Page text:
This group of New Jersey photographers represents that diversity in striking ways. Some document the actual world unadorned, from images of the landscape to those of the inner city. Some make pictures that are totally abstract. Some take the world as it is. Some construct what they are going to photograph. Some print using present digital technologies, some using traditional 20th-century chemical processes, some using older alternative photographic processes. Some do not even use a camera, relying instead on light itself or even photographic chemicals alone to create an image. 

In an era where almost none of the billions of photographs made every year are ever printed, this exhibition not only presents some of the wide diversity of image making among photographic artists today, but allows us to contemplate the exquisite nature of the photographic print as an object. 

Stephen Perloff, Curator. 


I am honored to be part of this incredible exhibition curated by Stephen Perloff, editor of the Photo Review and the Photograph Collector. The exhibition, featuring the work of 9 NJ based photographers is on view through March 28th, with a closing reception and talk with Curator Stephen Perloff on Tuesday, March 6th at 5 PM.

The Stockton University is located at 101 Vera King Farris Drive, Galloway, NJ.  The campus Art Galleries are located in L-wing adjacent to the Performing Arts Center; visitors can park in Lots 6 or 7.  


In addition to the  9 NJ Photographers show, I also have several pieces hanging in two ongoing group exhibitions on view in the Delaware Valley. 

Photography 37 - Perkins Center for the Arts  - Through March 26th

Perkins 37th annual photography exhibition exemplifies the best and most innovative work by photographers from throughout the Mid-Atlantic region and beyond. This year's exhibition was juried by Hope Proper, renowned collector, former Curator of Exhibitions & Founder of Perkins Center’s Annual Photography Exhibition.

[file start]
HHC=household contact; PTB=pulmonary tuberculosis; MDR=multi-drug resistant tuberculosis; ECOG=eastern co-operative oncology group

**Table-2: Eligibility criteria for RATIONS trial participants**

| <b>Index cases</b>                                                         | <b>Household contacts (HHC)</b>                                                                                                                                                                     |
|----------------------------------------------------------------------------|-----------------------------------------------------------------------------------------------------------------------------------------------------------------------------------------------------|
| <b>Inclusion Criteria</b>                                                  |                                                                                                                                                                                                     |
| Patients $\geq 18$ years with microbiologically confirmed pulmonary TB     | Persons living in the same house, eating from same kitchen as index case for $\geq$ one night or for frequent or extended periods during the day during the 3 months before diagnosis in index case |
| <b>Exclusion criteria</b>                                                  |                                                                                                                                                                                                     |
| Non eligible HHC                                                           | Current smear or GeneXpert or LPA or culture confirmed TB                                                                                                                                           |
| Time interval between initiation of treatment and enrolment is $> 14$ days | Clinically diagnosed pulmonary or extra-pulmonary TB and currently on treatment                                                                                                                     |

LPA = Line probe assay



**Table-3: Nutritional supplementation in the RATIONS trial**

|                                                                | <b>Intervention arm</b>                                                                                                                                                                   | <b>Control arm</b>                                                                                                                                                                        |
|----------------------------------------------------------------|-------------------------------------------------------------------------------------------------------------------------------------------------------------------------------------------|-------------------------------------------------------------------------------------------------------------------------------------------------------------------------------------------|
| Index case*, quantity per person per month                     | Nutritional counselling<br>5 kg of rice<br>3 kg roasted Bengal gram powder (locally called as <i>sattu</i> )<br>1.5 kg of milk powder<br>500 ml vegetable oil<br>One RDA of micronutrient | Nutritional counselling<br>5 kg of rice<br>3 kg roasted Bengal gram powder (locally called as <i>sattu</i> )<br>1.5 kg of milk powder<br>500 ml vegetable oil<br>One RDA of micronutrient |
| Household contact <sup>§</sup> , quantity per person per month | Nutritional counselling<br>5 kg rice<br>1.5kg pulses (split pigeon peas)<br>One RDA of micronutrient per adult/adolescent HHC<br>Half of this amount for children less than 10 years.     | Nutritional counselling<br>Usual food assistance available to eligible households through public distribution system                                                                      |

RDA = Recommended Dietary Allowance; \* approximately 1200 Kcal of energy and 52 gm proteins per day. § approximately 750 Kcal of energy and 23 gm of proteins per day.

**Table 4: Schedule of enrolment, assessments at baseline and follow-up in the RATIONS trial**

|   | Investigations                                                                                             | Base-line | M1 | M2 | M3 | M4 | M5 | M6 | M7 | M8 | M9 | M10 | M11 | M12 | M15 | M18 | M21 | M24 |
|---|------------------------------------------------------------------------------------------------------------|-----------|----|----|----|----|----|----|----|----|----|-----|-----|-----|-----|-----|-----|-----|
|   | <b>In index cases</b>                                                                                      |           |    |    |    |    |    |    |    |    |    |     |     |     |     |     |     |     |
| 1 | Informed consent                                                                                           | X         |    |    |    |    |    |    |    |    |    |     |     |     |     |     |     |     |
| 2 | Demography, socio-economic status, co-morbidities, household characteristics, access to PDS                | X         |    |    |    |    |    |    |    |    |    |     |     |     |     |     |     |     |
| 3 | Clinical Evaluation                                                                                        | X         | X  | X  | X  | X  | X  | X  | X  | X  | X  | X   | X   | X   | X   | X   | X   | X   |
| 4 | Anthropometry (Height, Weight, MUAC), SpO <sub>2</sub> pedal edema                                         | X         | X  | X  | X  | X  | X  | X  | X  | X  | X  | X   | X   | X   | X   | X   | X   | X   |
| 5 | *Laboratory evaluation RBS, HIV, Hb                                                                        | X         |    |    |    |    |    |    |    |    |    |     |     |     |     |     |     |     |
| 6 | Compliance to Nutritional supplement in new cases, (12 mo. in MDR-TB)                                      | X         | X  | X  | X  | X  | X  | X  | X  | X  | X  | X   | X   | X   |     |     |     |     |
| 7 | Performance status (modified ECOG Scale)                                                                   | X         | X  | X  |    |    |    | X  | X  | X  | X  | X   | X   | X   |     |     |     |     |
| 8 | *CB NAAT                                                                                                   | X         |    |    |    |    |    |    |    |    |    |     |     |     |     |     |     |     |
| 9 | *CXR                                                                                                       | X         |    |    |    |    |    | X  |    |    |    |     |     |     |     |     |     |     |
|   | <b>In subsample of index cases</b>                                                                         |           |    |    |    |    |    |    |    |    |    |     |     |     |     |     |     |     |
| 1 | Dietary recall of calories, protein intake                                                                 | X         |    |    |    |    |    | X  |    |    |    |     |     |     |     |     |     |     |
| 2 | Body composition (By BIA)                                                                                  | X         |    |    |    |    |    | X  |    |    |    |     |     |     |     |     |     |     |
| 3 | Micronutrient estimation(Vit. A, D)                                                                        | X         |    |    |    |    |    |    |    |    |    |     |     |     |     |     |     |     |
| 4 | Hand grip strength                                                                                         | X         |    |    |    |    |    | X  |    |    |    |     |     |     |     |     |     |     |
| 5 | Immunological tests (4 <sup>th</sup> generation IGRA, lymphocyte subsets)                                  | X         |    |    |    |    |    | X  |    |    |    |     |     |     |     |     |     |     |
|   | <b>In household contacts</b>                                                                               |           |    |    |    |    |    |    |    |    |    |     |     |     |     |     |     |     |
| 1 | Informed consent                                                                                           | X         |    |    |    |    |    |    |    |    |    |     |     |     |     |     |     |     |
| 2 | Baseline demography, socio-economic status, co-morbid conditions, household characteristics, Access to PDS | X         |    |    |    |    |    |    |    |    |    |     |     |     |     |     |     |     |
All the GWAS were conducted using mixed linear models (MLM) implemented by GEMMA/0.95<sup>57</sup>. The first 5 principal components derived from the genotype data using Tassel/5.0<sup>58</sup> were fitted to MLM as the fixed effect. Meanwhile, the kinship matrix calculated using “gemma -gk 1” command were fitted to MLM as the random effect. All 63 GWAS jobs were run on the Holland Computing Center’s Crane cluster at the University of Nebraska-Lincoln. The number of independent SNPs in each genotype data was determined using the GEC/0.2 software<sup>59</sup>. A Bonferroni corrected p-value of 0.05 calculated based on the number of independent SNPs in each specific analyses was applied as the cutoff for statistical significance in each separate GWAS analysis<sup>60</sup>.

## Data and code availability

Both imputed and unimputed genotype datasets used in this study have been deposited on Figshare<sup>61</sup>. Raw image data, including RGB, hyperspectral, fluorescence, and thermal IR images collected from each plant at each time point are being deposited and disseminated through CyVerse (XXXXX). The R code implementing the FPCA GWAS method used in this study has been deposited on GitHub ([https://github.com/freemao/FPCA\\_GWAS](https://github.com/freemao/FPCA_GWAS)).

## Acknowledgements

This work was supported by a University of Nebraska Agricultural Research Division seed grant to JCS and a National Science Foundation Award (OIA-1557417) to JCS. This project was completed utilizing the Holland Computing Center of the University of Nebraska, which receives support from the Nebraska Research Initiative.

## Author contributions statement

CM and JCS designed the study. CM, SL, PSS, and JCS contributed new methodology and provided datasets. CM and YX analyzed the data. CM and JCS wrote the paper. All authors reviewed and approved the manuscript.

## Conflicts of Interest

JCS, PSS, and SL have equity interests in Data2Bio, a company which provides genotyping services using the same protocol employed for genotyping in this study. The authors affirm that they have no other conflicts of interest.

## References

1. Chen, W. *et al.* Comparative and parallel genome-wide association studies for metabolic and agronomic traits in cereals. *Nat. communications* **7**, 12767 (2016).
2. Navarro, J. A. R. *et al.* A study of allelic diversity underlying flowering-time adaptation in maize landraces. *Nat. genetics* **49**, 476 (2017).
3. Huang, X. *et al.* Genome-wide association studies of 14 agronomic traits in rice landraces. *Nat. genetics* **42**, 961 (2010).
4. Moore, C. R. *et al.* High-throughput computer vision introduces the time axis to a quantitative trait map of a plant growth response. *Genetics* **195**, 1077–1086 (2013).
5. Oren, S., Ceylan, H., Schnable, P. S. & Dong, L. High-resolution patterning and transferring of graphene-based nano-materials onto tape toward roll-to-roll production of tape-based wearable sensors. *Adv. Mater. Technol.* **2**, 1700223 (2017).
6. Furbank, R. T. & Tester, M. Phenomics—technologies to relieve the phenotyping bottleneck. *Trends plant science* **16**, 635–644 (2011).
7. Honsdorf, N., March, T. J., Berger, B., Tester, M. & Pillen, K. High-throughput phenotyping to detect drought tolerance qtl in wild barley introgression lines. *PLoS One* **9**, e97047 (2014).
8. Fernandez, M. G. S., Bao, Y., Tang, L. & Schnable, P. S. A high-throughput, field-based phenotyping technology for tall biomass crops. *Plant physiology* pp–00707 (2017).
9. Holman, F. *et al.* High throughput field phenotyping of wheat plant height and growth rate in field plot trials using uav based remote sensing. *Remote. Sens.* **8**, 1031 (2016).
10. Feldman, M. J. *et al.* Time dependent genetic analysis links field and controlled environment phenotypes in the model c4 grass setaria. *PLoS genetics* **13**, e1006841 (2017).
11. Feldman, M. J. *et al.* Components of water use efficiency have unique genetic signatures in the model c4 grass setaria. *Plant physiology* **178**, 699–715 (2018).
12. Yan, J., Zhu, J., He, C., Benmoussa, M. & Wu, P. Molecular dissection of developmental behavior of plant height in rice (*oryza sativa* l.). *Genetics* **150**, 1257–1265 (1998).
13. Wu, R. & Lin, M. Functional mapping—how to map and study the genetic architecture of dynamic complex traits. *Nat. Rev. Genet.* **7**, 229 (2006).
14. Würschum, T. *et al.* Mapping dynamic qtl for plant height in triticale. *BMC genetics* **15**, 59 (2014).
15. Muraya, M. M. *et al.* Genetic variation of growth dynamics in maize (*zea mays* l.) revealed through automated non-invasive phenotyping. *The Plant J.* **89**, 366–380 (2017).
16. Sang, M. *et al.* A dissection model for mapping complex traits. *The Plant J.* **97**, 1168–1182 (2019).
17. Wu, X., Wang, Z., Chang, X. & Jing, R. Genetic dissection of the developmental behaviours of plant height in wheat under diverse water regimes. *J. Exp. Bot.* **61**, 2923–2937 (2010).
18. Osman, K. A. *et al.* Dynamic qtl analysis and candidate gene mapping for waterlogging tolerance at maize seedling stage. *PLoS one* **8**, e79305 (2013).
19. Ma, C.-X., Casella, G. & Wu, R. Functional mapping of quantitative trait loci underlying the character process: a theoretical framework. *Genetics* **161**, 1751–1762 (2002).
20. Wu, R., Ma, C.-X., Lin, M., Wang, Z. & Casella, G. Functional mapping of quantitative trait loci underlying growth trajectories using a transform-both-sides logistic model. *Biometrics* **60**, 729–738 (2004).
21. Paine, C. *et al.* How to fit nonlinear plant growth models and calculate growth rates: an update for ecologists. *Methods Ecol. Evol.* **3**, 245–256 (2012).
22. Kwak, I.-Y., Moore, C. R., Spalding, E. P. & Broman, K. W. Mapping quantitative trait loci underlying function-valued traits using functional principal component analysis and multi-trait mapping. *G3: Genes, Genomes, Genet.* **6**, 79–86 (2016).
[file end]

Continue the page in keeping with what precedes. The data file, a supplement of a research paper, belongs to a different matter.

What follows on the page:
Gallery Hours
Thursdays & Fridays 10 am - 2 pm
Saturday & Sunday 12 pm - 4 pm
This exhibition is free and open to the public.

Perkins Center for the Arts
395 Kings Highway | Moorestown, NJ 08057 


2018 Professional Artist Members Exhibition - Main Line Art Center - Through February 15, 2018

2018 Professional Artist Members Exhibition at the Mainline Art Center, in Haverford, PA. The exhibition is a celebration of the MLAC members’ support and creative energy, featuring a range of works from photography, sculpture, painting, printmaking, and ceramics. 

Gallery Hours
Monday through Thursday: 10 AM to 8 PM, 
Friday through Sunday: 10 AM to 4 PM. 
This exhibition is free and open to the public. 

The Main Line Art Center
746 Panmure Road, Haverford PA

Interview | The Trackside Photographer

Recently I had the opportunity to talk with Edd Fuller, editor of The Trackside Photographer; a blog focused on the railroad landscape. I am excited to share this interview about my ongoing work and how it ties into a central theme inspired by history. The following is the interview in its entirety as it was posted last week on The Trackside Photographer. Enjoy! 


Trackside Interview #3 - Michael Froio

Michael Froio is a photographer who focuses on the history of the industrial era and its relation to the modern landscape. His work has been published by the National Railway Historical Society, and he has presented lectures for the Center For Railroad Photography & Art, the Library Company of Philadelphia, and chapters of the National Railway Historical Society and Pennsylvania Railroad Technical & Historical Society. Michael teaches photography at Drexel University and manages the school’s darkroom and photography facilities. Michael’s work may be seen on his website